The position in Angola was transformed by permissions in 1758 and 1762 to merchants in both Luanda and Benguela to trade freely inland. Further, an energetic governor of the colony, Francisco Innocêncio Sousa Coutinho, a protégé of Pombal, tried, in the true spirit of enlightened despotism, to diversify the economy of the place, even to reduce the colony’s reliance on the slave trade. He set up an iron foundry and a leather factory, and gave money for numerous agricultural schemes aiming to establish plantations in Africa, instead of in Brazil. He tried to arrange that ships returning to Portugal from Goa would automatically call at Luanda, to sell Indian goods: satin, dinner services, enamel vases. He also persuaded the government in Lisbon to abolish the arrangements by which the slave trade was indirectly administered, the duties being collected by inefficient and easily corrupted tax farmers. That contract had, in the past, accounted for 20 percent of the taxes received from the trade.
Yet a single governor, however energetic, could not hope to change habits which had persisted for two hundred years. In 1780, too, there were twelve or so influential slave merchants in Luanda (whose population was probably four thousand), and about four or five in Benguela (whose population was then about two thousand). These traders were among the most important individuals of the places concerned, and they operated in well-known internal marketplaces, such as Dondo, buying from African merchants who would assemble their captives, usually by now from the far interior, and march them down in “coffles” of about a hundred. There were about eleven slaving establishments at Dondo by the 1790s. These men were difficult to outmaneuver, much less restrict.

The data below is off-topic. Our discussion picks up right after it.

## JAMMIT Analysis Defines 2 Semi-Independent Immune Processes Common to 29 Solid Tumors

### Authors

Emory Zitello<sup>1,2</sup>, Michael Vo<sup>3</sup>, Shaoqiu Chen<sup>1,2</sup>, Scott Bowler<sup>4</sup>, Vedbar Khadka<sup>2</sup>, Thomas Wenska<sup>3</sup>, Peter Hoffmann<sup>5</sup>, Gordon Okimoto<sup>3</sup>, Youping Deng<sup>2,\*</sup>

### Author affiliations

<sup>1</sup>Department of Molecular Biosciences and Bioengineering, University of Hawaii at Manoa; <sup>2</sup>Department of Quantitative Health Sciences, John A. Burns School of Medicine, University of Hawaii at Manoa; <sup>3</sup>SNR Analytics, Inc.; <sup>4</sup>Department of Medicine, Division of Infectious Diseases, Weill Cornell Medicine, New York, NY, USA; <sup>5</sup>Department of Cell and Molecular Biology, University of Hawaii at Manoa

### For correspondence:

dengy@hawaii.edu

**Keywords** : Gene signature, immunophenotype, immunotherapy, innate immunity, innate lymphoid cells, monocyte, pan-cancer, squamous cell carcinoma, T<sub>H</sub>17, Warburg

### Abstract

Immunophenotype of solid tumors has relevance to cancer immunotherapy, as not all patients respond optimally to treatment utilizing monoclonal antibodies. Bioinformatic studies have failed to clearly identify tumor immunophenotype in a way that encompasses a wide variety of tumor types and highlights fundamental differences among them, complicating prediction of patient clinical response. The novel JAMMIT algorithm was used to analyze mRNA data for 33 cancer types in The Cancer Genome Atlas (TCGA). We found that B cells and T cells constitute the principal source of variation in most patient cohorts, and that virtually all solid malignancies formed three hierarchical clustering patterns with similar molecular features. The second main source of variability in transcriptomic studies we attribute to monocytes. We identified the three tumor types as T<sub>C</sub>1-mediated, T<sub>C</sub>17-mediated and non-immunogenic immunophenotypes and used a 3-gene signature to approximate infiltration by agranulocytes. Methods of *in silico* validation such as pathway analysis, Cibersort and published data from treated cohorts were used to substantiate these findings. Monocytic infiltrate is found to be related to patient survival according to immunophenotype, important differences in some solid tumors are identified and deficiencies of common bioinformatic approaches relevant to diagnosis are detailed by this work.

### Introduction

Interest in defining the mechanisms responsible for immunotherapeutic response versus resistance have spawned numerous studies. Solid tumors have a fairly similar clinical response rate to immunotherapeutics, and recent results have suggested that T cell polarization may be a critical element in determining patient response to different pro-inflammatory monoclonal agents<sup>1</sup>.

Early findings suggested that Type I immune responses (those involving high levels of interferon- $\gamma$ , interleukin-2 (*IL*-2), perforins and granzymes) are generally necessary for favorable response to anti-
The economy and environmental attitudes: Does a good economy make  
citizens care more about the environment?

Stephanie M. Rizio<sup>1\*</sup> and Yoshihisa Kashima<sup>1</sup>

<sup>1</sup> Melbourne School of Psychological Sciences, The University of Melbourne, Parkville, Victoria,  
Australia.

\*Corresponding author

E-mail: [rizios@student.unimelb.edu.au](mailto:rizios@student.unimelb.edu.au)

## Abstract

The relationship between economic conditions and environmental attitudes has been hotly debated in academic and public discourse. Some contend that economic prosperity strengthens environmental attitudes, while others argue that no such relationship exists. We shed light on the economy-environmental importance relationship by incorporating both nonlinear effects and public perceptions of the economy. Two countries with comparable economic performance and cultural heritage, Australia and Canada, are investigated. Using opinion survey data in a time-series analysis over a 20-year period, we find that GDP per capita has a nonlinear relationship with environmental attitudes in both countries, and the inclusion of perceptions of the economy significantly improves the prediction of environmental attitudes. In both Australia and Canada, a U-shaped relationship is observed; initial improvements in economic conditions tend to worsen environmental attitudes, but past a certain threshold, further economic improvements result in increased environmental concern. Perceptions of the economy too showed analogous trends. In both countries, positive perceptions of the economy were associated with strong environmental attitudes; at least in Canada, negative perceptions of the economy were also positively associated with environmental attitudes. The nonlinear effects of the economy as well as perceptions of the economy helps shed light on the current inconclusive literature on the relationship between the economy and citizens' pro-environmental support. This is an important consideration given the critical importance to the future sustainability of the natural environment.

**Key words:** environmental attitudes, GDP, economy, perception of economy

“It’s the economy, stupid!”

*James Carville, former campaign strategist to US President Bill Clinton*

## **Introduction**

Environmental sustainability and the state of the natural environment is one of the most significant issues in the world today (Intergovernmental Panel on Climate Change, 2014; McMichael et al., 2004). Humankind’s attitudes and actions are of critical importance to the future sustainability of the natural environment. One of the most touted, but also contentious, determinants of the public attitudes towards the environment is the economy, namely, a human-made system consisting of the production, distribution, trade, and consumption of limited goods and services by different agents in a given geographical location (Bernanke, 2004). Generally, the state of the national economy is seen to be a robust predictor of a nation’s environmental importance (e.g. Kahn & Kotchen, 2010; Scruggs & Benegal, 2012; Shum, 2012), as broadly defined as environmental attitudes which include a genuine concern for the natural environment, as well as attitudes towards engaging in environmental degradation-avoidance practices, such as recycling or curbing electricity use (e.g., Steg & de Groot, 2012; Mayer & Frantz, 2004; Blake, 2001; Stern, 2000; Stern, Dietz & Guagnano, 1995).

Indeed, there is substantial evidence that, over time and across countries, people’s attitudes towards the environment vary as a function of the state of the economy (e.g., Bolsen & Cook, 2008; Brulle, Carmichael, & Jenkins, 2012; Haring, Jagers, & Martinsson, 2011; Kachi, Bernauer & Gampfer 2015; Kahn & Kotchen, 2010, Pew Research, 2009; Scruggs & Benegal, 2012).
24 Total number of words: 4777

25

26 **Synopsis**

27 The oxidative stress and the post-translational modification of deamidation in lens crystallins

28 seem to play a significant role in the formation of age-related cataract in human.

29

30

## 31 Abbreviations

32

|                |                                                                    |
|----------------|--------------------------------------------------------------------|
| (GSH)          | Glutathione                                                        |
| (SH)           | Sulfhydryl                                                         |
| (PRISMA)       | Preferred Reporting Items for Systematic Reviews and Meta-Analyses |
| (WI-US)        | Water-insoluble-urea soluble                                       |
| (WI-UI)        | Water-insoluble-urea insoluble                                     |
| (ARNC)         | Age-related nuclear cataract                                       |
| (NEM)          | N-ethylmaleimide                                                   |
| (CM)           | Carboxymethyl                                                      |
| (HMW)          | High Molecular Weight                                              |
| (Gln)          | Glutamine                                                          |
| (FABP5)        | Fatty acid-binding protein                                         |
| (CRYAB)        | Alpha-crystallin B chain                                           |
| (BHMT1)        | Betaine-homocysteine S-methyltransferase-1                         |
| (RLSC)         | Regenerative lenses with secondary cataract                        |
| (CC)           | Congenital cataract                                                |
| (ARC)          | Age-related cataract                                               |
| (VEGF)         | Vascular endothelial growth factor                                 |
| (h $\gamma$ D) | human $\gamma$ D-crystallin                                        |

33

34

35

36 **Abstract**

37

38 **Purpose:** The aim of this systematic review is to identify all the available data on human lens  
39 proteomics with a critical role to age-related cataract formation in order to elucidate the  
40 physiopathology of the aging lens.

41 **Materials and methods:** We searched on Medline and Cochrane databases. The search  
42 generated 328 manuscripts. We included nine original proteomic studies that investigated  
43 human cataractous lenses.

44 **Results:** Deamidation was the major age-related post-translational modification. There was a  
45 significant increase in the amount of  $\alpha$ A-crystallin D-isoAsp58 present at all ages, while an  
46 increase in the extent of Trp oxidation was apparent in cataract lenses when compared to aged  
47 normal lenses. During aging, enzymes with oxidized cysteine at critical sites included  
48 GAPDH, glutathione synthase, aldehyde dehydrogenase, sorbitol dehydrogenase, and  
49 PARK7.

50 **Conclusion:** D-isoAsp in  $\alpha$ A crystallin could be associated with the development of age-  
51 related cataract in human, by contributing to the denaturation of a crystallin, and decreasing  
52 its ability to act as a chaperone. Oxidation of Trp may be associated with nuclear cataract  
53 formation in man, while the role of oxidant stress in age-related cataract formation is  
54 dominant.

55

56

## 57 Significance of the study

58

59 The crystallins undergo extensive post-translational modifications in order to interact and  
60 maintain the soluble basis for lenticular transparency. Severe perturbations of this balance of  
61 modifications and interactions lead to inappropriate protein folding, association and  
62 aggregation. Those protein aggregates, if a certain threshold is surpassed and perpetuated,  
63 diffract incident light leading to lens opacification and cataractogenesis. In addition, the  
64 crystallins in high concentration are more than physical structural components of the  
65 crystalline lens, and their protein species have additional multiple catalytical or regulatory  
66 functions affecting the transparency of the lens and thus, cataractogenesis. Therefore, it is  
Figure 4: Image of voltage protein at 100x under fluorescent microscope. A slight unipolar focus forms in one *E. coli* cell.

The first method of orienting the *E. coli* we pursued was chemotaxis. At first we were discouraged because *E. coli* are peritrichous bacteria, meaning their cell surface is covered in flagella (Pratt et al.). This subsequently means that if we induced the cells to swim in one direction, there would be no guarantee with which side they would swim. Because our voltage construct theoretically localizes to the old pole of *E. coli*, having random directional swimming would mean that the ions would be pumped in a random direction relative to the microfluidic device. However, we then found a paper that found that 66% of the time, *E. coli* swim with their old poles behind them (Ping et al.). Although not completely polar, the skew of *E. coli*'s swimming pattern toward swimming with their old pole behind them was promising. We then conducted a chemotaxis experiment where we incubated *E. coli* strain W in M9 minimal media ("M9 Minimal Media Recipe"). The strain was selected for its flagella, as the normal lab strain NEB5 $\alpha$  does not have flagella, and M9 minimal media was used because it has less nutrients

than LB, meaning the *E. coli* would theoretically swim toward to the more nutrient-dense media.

These merchants of Angola operated a transatlantic system, buying goods in Rio de Janeiro or Bahia with the money from the sale of their slaves, and carrying them across the South Atlantic for further slave purchases. Benguela was a pioneer in this practice. By the end of the century, about twenty slave firms were active there, the directors being usually rich enough to live in the beautiful, melancholy houses, facing the sea on the south side of the city, known as sobrados. Portugal, meantime, was playing less and less of a part in all this commerce, and her statesmen knew it: Martinho de Melo Castro, secretary of state in Lisbon, wrote in 1770, “One could not without great sorrow see how our Brazilian colonies have absorbed commerce and shipping on the African coast to the total exclusion of Portugal; and what the Brazilians do not control, foreign nations do.”
Spain, at that time also modernizing after her fashion, had still not lost all belief that a magic property was communicated by the grant of the famous asiento. The first new contract after the peace of 1763 for importing slaves to the empire was that by the new captain-general of Cuba, the count of Ricla, to Martín José de Alegría, of Cádiz, allowing him to bring in seven thousand slaves to Cuba, of whom one thousand had to be sold to the Crown (whose officials in Havana had embarked upon a lavish program of public works). “The prosperity of this island depends mainly on the import of African slaves. . . . The King [too] will derive much more revenue from the import duties on slaves . . . ,”18 General O’Reilly, who was responsible for overseeing the new defenses, wrote from Havana in a letter to Spain in April 1764.